The UIS has released three information papers to help governments produce, interpret and use accurate indicators on out-of-school children. By exploring specific methodological issues, the papers highlight the need to harmonize data sources while helping national statisticians understand why indicator values can vary depending on the data source, collection method, or technique used to calculate indicators.
The papers are the result of the Global Initiative on Out-of-School Children, a joint project by the UIS and UNICEF, with support from the Global Partnership for Education. This initiative involved more than 70 countries worldwide to develop and apply an innovative methodology to assess and use data from administrative records and household surveys to better identify how many children are excluded from education, who they are, and the barriers they face to being in school.
Why estimates can vary by millions depending on the data source
The first paper, on Estimation of the Numbers and Rates of Out-of-School Children and Adolescents Using Administrative and Household Survey Data, illustrates the significant variation that exists between different types of estimates of the number of out-of-school children – differing by millions of children in some cases – depending on the data source.
The paper presents the example of India, where precise measurement of school participation has been a challenge. Out-of-school rates from different surveys carried out in the country can vary by more than 10 percentage points, which translates to millions of children who are counted as either in our out of school. The situation has not improved in recent years because there are still large differences in the attendance rates calculated from different data sources, as summarized in a study of data from India by the UIS and UNICEF. The picture is further complicated by different starting ages for primary schools in different Indian States, making it difficult to estimate the precise age ranges for the numbers of children in or out of school across the whole country.
As well as setting out data issues related to the combined use of administrative and household survey data on participation in education, the paper outlines ways to improve the accuracy of out-of-school estimates by using compatible definitions of school enrolment or attendance and by reviewing the reliability of population estimates and students’ ages in enrolment records and survey data.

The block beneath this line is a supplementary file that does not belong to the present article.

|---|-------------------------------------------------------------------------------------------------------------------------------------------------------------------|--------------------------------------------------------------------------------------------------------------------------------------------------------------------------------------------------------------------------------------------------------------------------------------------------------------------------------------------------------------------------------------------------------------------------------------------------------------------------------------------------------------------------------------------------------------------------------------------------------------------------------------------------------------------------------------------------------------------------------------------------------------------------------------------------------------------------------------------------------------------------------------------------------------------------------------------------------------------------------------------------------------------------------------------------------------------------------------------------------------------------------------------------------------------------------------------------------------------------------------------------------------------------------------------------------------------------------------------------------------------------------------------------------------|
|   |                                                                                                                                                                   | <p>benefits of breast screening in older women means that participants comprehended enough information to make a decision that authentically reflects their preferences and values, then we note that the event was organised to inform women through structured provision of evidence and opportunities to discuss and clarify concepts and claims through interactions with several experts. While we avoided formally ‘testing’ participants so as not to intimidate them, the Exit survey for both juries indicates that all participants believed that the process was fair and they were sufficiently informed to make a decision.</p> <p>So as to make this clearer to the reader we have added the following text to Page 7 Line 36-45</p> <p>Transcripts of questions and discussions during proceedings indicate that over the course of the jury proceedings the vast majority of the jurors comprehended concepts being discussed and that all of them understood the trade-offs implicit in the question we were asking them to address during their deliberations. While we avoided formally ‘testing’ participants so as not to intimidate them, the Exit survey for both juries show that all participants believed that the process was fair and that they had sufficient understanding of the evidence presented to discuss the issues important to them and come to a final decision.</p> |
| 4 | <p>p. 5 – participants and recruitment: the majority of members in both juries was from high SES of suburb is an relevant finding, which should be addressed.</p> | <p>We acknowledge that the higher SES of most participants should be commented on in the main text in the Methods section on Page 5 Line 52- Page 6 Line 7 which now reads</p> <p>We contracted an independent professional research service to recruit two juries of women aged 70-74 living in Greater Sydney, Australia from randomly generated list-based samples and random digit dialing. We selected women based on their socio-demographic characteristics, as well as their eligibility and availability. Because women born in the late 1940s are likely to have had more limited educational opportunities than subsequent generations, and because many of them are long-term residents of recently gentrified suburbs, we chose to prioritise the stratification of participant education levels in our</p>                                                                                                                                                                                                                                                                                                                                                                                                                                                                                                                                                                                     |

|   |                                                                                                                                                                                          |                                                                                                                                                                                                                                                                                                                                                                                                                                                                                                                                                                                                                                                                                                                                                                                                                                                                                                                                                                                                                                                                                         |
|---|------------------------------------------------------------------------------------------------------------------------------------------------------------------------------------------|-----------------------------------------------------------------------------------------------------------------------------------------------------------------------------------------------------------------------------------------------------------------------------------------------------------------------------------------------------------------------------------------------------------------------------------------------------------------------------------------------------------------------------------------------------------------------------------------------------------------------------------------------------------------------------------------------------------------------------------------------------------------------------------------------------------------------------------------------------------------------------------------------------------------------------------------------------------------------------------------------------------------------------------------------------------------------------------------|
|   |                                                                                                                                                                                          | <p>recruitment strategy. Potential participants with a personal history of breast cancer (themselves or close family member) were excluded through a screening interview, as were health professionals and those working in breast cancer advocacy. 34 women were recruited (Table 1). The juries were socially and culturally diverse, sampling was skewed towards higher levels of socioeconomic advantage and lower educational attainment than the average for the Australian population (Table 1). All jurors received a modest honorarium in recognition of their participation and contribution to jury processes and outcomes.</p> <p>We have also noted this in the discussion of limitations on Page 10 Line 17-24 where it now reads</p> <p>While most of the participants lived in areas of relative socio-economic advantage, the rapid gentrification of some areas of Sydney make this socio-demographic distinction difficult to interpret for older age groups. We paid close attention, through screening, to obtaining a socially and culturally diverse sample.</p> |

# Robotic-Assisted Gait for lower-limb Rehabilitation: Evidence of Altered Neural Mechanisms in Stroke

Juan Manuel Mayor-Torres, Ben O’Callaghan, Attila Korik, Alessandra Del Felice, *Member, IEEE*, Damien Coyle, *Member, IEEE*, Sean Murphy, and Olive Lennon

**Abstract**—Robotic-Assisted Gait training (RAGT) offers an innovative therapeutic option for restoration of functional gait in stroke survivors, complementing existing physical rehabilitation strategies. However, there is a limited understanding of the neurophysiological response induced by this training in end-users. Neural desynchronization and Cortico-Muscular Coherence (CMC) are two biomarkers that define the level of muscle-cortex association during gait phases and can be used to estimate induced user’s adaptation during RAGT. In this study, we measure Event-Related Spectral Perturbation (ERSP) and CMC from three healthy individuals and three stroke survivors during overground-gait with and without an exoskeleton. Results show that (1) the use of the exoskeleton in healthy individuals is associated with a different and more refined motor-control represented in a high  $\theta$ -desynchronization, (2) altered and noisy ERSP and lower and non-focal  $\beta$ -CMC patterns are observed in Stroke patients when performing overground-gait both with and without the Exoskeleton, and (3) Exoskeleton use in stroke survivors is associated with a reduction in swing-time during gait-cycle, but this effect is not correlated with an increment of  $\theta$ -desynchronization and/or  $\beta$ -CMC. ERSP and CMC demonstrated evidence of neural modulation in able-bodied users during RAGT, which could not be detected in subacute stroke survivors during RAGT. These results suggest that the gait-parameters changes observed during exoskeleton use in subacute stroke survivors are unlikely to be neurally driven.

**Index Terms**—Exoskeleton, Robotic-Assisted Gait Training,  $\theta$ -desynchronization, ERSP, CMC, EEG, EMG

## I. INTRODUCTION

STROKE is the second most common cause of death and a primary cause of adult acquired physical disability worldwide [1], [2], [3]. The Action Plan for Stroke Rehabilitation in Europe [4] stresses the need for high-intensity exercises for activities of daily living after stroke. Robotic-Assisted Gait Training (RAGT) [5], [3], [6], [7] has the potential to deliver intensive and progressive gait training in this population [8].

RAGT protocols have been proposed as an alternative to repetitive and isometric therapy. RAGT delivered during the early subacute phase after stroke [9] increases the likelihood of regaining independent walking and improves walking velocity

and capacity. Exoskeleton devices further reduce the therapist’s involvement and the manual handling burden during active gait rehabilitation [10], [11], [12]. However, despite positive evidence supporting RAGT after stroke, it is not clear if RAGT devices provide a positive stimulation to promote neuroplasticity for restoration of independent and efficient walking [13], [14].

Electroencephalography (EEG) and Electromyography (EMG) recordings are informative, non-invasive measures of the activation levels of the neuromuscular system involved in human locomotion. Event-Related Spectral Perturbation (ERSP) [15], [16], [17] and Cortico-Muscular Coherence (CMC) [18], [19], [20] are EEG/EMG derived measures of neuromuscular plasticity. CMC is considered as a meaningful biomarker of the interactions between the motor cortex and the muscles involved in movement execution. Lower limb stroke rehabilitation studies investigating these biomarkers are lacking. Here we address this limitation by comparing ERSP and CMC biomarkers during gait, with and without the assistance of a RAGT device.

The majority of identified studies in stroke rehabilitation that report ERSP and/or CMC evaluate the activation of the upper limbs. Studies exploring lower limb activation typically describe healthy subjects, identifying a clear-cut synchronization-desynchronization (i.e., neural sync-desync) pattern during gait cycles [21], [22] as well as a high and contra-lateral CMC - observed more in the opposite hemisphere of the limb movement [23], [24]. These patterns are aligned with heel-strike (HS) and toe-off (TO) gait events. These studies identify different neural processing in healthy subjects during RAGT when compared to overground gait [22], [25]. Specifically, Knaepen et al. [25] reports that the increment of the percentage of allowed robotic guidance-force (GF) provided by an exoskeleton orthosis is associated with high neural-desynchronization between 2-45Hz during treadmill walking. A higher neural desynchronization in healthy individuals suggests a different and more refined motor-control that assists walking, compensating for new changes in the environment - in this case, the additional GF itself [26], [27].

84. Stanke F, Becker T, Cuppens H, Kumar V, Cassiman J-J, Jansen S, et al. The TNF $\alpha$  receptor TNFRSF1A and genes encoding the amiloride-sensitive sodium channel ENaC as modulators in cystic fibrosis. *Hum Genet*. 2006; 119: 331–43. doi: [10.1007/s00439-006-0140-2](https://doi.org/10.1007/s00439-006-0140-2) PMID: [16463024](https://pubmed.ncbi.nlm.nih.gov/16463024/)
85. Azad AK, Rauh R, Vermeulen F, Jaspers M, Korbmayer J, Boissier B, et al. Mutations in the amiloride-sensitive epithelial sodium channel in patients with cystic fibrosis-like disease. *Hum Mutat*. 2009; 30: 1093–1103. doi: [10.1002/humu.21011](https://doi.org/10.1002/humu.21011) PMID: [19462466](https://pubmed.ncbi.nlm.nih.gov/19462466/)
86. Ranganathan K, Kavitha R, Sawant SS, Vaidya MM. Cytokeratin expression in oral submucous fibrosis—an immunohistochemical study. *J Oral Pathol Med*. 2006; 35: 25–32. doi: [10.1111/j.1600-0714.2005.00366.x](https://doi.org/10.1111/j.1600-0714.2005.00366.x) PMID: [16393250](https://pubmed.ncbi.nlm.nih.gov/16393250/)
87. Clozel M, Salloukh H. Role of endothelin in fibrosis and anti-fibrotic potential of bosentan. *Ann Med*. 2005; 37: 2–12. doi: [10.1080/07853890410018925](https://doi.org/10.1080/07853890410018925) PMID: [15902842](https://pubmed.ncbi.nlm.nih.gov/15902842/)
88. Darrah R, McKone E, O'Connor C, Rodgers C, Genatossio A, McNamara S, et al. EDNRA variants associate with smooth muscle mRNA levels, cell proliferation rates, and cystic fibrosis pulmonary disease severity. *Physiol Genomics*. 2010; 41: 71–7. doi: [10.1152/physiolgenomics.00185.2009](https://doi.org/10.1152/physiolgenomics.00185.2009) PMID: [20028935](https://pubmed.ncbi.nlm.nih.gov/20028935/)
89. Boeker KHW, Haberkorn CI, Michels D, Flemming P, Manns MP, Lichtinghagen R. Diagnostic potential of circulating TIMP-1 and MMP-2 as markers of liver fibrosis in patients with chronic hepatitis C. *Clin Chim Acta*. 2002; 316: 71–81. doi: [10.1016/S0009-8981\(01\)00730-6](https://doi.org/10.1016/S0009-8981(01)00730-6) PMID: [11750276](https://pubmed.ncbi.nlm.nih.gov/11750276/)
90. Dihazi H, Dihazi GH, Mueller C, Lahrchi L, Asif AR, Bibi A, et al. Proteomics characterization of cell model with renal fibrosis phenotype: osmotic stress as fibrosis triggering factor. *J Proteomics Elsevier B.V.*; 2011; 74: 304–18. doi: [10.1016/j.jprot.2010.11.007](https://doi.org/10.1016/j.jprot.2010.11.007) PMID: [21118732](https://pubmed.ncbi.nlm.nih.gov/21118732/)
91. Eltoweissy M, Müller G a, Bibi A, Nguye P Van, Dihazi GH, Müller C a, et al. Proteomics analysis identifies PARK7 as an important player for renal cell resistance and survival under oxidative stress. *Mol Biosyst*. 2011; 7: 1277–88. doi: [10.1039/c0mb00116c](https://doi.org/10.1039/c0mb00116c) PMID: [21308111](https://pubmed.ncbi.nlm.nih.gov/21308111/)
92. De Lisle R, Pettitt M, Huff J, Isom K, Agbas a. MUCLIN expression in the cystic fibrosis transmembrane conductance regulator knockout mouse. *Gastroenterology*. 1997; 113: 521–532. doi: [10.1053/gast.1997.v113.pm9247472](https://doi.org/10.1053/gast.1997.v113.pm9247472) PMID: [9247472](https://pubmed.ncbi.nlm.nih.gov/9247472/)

How age factors in calculating out-of-school numbers
The second paper, on Age Adjustment Techniques in the Use of Household Survey Data, focuses on the potential problems related to data by single year of age. It points out that estimates of the rates of children in and out of school are sensitive to the timing of data collection and the accuracy of age data. In household surveys, household members’ ages are recorded at the time of data collection and the paper shows how statisticians can make the necessary age adjustments to better compare results of survey results based on different timing and duration. One recommendation is to avoid age-specific attendance rates that are more likely to be affected by errors in age data then level-specific attendance rates.
How population estimates impact out-of-school rate
The third paper, on The Effect of Varying Population Estimates on the Calculation of Enrolment Rates and Out-of-School Rates, shows the extent to which estimates of participation in education are only as good as the underlying data on enrolment and population on which they are based. In Brazil, for example, assumptions about under-coverage and fertility affect the accuracy of population estimates and, in turn, estimates of the number of out-of-school children and adolescents. The findings from Brazil can also inform work by statisticians in other countries to improve understanding of the differences in primary and secondary enrolment rates according to varying population estimates and of the reliability of out-of-school estimates based on data from different sources.
The three technical papers show how all countries can benefit from the methodological work arising from the Global Initiative on Out-of-School Children. This same collaborative approach is being taken by the UIS and UNESCO through the Capacity Development for Education (CapED) Programme, which aims to bridge the gap between national education policies, data collection and use by helping countries develop and apply a range of tools to assess and improve their national statistical systems.